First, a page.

Live: Neurosis and Mastodon Obliterate Faces


Steve Von Till in a contemplative moment (Photo by

Neurosis + Mastodon
Brooklyn Masonic Temple
January 25, 2008

If the Freemasons really do secretly control the entire world, they also do a pretty good job of hiding it, at least in Brooklyn. It’s another story in Baltimore, where I once saw Godspeed You Black Emperor play a pretty spectacular show in the local Masonic Temple. Baltimore’s Masonic Temple is a huge, majestic domed building full of cryptic symbolism: Masonic icons painted on the inside of the dome, weird artifacts in guarded class cases, exactly 23 steps leading up to the front door outside. GYBE sounded absolutely at home in a regally mysterious space like this. Their long crescendos had plenty of space to echo and roll, and their expansive instrumental hymns took on a devotional, almost religious weight in that room. As a functional unit, the long-running and hugely influential Bay Area doom metal crew works a lot like GYBE, another crew of cabalistic crusties pushing quiet-to-loud dynamics to their logical extreme, spinning off into a long succession of side-project subsidiaries, and centering their live shows around screen-projected visuals. But Neurosis’s show at the Masonic Temple in Fort Greene didn’t have the same ambiguously spiritual air as that GYBE show, largely because the Fort Greene Temple doesn’t feel like it’s at the convergence of ambient mystical energies the way the Baltimore one does. It’s just a handsome old building with a stage and a balcony and a big room and a crudely rendered mural down in the basement smoking section. It felt something like a bigger version of the community centers that Neurosis probably came up playing back when they were still a scrappy late-80s hardcore band, not the sort of place where Congressmen and CEOs throw on hooded robes and stage candlelit Druidic rituals. But Neurosis’s Friday-night show at the Temple was still something special, largely because Neurosis is now quite possibly the loudest band I’ve ever seen.

The five guys in Neurosis walked onstage on Friday night not saying a word, barely looking at the audience. They’re an intimidating lot: uniformly black-clad, tatted-up, bearded, muscular, huge. The band has two frontmen, Scott Kelly and Steve Von Till, and both of them have an otherworldly intensity in their eyes; Von Till, in particular, looks like he could set paper on fire just by staring at it for a few seconds. (He also strongly resembles a thugged-out Rasputin. Von Till works a day-job as an elementary school teacher, and I have to imagine he gives his students serious nightmares.) They entered to sculpted ambient keyboard drones, then suddenly switched into a titanic rumbling of a riff, so punishingly loud that I had to retreat about twenty feet back from the stage before it became bearable. And the night went on like that: long stretches of ominously ethereal quiet that flared up and out whenever the band locked into another huge, slow groove. Neurosis’s songs are long, but they don’t really build gradually. Instead, they swung suddenly from one extreme to another, usually only giving a brief hint that something’s about to happen, like a drum-crack a beat before the hammer drops. And when the loud parts come, they were huge and immersive, like the band had decided to encircle and swallow the crowd. It was always fun to look around the crowd during those big-riff moments, to see hundreds of heads bobbing hard. Behind the band, Josh Graham’s scratchy black-and-white projections drove home that this was elemental force-of-nature stuff: mushroom-clouds slowly bloomed, pupils dilated, horses fled some offscreen thing. Maybe I shouldn’t keep harping on the parallels from Friday’s Neurosis show and a Godspeed thing from four years ago, but one intersection struck me hard. As Godspeed was finishing up, they lurched into one atypically euphoric movement, and the word Hope came up on the screen behind them. It was sort of a beautiful moment. The last image I remember seeing at the Neurosis show was a different thing entirely: a negative image of two wolves running at the camera, their eyes flashing, nothing resembling hope anywhere. Neurosis stretched out their big crashing final note to something like five minutes, and by the time it was over, my chest hurt.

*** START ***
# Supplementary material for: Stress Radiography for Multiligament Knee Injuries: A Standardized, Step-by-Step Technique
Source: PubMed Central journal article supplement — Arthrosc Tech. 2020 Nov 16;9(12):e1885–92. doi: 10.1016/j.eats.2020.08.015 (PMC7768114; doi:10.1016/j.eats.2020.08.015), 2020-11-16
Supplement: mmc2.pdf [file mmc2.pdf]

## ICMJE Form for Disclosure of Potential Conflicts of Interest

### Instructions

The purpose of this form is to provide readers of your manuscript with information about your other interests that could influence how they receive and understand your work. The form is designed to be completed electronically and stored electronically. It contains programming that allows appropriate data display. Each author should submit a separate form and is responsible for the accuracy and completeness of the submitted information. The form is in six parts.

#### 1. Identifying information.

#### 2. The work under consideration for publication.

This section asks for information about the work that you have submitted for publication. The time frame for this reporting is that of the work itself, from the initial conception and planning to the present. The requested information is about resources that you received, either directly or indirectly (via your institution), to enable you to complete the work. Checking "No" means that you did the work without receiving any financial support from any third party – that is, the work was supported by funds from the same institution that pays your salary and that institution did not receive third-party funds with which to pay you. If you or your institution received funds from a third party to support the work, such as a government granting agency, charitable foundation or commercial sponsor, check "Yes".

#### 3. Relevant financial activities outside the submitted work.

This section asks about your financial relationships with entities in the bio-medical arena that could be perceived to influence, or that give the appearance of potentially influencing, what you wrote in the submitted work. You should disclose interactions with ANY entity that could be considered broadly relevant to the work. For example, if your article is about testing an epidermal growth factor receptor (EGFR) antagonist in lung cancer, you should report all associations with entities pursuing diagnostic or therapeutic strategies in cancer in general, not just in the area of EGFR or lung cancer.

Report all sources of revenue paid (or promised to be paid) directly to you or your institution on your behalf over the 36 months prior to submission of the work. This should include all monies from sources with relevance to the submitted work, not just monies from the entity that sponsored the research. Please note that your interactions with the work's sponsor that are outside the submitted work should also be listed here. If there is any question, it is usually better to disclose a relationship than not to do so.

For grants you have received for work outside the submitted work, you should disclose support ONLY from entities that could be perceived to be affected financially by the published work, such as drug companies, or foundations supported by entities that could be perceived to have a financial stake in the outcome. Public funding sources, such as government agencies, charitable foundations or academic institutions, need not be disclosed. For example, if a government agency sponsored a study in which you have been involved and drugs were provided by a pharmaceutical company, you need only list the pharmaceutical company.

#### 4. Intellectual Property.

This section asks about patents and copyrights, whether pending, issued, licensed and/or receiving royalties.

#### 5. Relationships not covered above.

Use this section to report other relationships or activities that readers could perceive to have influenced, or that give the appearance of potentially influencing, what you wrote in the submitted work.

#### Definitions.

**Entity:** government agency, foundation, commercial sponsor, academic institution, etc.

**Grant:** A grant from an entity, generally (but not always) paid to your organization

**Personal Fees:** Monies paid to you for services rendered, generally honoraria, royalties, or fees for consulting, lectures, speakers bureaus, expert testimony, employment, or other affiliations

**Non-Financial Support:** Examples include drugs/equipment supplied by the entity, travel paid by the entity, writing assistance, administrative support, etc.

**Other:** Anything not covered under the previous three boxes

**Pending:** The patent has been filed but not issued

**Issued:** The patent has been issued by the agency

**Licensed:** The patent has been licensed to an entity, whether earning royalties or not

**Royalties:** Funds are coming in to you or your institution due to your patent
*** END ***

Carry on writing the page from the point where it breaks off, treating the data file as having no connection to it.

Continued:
Voice review: Scott Seward on Neurosis’s Times of Grace

The members of Neurosis never said a word to the audience between songs; they didn’t need to, and it would’ve broken the spell. Mastodon mostly stayed similarly silent throughout their opening set; samples of horror-movie dialogue generally stand in for actual human interaction at their shows. But guitarist Brent Hints broke the silence before the band’s last song, telling the crowd that this show was one that they’d always remember. Mastodon is a more popular and famous band than Neurosis, so Mastodon’s set felt like tribute payed to elders. Next to Neurosis’s slow-burn sludge-grooves, Mastodon’s mathy frag-grenade assault felt nervous, almost fidgety. The volume was a whole lot lower when the younger band was onstage, too; it’s not often that fucking Mastodon is the band to lull a crowd into a false sense of security. Even in that diminished role, though, Mastodon was in fine form, just ripping shit the way they always do. The intricacies of their sound sometimes got lost in the cavernous venue; it’s not a room built for shredding. But the opening riff from “Blood and Thunder” still exploded like a landmine, and the guys in the band still carried themselves like gurgling swamp-monsters. When a band like this is happy and willing to play a secondary role, it’s a pretty good indication that serious things are about to happen.

Voice review: D. Shawn Bosler on Mastodon’s Leviathan
Voice review: Scott Seward on Mastodon’s Remission